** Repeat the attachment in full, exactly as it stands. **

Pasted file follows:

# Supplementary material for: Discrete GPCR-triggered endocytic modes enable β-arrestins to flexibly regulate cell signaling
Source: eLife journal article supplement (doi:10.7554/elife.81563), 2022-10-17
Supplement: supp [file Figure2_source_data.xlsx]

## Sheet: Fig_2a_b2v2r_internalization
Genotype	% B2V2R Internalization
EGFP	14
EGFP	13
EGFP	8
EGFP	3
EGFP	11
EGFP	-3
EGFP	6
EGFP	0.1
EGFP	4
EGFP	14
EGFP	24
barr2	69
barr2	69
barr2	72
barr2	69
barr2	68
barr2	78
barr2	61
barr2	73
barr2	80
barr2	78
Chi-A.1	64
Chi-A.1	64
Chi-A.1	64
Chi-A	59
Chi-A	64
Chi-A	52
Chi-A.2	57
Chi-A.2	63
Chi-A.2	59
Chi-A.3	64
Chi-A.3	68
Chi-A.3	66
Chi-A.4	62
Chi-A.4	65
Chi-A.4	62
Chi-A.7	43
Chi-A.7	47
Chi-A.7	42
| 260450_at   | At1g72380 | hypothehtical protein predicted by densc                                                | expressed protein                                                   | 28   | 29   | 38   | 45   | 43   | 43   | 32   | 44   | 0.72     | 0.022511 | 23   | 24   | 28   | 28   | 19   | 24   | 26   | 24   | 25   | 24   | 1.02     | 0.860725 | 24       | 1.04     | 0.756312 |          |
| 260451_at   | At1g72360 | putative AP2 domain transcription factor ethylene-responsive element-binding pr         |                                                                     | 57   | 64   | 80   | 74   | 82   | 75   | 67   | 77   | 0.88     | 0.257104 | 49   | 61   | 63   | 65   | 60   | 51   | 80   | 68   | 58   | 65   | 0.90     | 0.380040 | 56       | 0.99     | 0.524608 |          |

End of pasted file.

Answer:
# Supplementary material for: Discrete GPCR-triggered endocytic modes enable β-arrestins to flexibly regulate cell signaling
Source: eLife journal article supplement (doi:10.7554/elife.81563), 2022-10-17
Supplement: supp [file Figure2_source_data.xlsx]

## Sheet: Fig_2a_b2v2r_internalization
Genotype	% B2V2R Internalization
EGFP	14
EGFP	13
EGFP	8
EGFP	3
EGFP	11
EGFP	-3
EGFP	6
EGFP	0.1
EGFP	4
EGFP	14
EGFP	24
barr2	69
barr2	69
barr2	72
barr2	69
barr2	68
barr2	78
barr2	61
barr2	73
barr2	80
barr2	78
Chi-A.1	64
Chi-A.1	64
Chi-A.1	64
Chi-A	59
Chi-A	64
Chi-A	52
Chi-A.2	57
Chi-A.2	63
Chi-A.2	59
Chi-A.3	64
Chi-A.3	68
Chi-A.3	66
Chi-A.4	62
Chi-A.4	65
Chi-A.4	62
Chi-A.7	43
Chi-A.7	47
Chi-A.7	42
| 260450_at   | At1g72380 | hypothehtical protein predicted by densc                                                | expressed protein                                                   | 28   | 29   | 38   | 45   | 43   | 43   | 32   | 44   | 0.72     | 0.022511 | 23   | 24   | 28   | 28   | 19   | 24   | 26   | 24   | 25   | 24   | 1.02     | 0.860725 | 24       | 1.04     | 0.756312 |          |
| 260451_at   | At1g72360 | putative AP2 domain transcription factor ethylene-responsive element-binding pr         |                                                                     | 57   | 64   | 80   | 74   | 82   | 75   | 67   | 77   | 0.88     | 0.257104 | 49   | 61   | 63   | 65   | 60   | 51   | 80   | 68   | 58   | 65   | 0.90     | 0.380040 | 56       | 0.99     | 0.524608 |          |